The original and renewal instruments were recorded as Notes Payable on the books and records of the corporation and were shown as Long-term Debt and as Notes Payable on the annual audit reports prepared by its certified public accountants and on financial statements furnished to banks and other creditors. The accrual and payment of the amounts denoted as "interest" in the instruments were recorded on the books and records of the corporation in the Accrued Interest Payable account. The payments to each lady were as follows: $957.87 in 1959; $4,916.05 in 1960; $4,737.31 in 1961; $3,323.79 in 1962; and $2,245.03 in 1963. These payments reflected the unexpectedly fast growth of the corporation.
In the first year of operation, plaintiff lost $13,485.08, but thereafter earned substantial sums in each fiscal year. During the years in question, plaintiff had a relatively high debt to equity ratio because it found it necessary to borrow funds to fulfill the increasing needs for capital engendered by rapid expansion. No actual distributions were made with respect to the common stock until fiscal year 1962, when $40,000 was distributed, and in fiscal year 1963, when $36,000 was distributed. The primary reason for such distributions was to enable the shareholders to meet their tax obligations brought about as a result of plaintiff's timely election to be taxed pursuant to the provisions of Subchapter S of the Internal Revenue Code for the fiscal years ending in 1961, 1962 and 1963.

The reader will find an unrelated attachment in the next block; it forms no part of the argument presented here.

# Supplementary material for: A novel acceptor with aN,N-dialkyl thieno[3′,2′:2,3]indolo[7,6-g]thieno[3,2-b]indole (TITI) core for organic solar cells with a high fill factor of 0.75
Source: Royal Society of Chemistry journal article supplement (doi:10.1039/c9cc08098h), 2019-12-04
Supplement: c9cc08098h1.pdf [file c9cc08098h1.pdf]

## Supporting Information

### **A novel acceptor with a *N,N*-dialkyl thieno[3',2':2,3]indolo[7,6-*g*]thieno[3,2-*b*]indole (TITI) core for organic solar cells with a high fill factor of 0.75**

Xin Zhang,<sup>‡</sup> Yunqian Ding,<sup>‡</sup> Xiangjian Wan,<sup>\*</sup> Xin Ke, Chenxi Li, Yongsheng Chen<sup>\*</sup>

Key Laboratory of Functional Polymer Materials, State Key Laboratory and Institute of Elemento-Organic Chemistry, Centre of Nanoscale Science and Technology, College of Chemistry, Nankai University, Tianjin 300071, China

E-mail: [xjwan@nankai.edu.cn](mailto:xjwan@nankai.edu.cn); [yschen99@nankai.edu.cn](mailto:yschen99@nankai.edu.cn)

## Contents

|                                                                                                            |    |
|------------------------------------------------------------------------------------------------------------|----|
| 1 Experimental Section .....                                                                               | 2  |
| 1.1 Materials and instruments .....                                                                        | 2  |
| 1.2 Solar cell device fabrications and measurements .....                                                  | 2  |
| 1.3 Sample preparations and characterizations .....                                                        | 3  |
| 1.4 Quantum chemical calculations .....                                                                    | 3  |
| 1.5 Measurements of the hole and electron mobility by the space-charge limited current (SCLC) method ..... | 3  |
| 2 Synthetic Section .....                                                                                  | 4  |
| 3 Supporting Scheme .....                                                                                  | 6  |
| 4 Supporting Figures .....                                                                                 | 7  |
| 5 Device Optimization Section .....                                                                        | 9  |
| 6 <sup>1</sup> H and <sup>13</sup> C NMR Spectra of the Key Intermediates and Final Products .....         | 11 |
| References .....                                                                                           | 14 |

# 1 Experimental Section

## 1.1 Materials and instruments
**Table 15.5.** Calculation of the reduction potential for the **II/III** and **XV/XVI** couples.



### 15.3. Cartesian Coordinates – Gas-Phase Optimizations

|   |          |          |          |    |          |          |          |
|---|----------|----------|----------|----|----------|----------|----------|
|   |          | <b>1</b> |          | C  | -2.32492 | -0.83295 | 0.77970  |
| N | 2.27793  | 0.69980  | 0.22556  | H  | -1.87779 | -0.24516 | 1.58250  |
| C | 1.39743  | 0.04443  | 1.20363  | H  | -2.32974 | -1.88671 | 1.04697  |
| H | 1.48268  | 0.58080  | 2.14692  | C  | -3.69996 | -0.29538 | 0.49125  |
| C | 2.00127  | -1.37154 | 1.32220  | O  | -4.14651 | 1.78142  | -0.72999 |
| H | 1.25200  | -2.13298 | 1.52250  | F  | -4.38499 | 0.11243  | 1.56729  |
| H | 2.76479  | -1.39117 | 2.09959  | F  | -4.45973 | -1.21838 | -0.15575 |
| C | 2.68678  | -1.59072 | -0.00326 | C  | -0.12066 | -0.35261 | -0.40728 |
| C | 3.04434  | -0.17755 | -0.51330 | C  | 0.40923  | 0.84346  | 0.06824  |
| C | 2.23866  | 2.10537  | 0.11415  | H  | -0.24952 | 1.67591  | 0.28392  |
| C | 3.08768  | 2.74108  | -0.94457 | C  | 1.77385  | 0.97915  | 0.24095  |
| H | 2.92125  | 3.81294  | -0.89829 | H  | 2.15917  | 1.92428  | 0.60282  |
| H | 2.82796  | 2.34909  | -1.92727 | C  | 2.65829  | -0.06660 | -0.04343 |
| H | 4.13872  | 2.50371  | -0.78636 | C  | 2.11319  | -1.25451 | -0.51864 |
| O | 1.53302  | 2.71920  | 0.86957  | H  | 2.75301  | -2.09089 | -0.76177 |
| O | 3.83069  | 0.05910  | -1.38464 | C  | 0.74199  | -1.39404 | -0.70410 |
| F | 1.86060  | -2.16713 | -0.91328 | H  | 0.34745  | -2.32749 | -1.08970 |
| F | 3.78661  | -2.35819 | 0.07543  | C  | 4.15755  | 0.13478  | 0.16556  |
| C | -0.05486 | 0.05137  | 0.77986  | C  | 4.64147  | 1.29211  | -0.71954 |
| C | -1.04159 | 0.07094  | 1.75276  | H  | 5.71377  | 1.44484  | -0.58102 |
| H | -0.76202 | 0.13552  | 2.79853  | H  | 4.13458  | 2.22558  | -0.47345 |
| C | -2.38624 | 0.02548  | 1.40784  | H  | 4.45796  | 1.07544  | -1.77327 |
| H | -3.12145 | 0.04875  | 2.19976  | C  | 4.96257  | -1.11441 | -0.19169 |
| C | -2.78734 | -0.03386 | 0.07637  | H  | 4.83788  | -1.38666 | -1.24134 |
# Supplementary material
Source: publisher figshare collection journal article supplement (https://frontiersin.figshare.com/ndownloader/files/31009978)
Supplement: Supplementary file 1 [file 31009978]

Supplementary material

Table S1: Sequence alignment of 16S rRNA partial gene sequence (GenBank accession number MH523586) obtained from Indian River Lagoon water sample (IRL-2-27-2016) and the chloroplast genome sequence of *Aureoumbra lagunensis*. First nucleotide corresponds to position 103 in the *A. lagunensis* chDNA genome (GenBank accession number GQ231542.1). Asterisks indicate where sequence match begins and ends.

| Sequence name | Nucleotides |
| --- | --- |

The Commissioner of Internal Revenue determined that plaintiff was ineligible to make the statutory election not to be subject to corporate income taxes for these three fiscal years on the ground that it had more than one class of stock and was therefore not a small business corporation as defined in Subchapter S. Accordingly, in January 1965, the Commissioner first notified plaintiff that he was claiming deficiencies in the amount of what he decided was the proper corporate income tax for the years 1961 through 1963. Plaintiff paid the deficiencies asserted and thereafter sued to recover income taxes and statutory interest in the amount of $164,733.13, plus interest. The district court held that plaintiff was entitled to such a refund because it "qualified as a small business corporation within the meaning of Section 1371(a) so as to be eligible to elect under Section 1372(a) not to be subject to corporate income taxes for its fiscal years 1961, 1962 and 1963." 301 F. Supp. at 694. We affirm.
Section 1371(a) of the Internal Revenue Code provides as follows:
"Small business corporation.-For purposes of this subchapter, the term 'small business corporation' means a domestic corporation which is not a member of an affiliated group (as defined in section 1504) and which does not-
"(1) have more than 10 shareholders;
"(2) have as a shareholder a person (other than an estate) who is not an individual;
"(3) have a nonresident alien as a shareholder; and
"(4) have more than one class of stock."
(26 U.S.C. § 1371(a))
It is conceded that plaintiff met the first three requirements of the statute, but the Commissioner contends that the instruments issued to Mrs. Berst and Miss Garnett in exchange for their advances of $12,500 apiece were contributions to plaintiff's capital rather than loans and constituted a second class of stock, thus disqualifying plaintiff as a small business corporation. On the other hand, plaintiff contends that the advances were loans, but in any event did not constitute another class of stock within the meaning of the statute.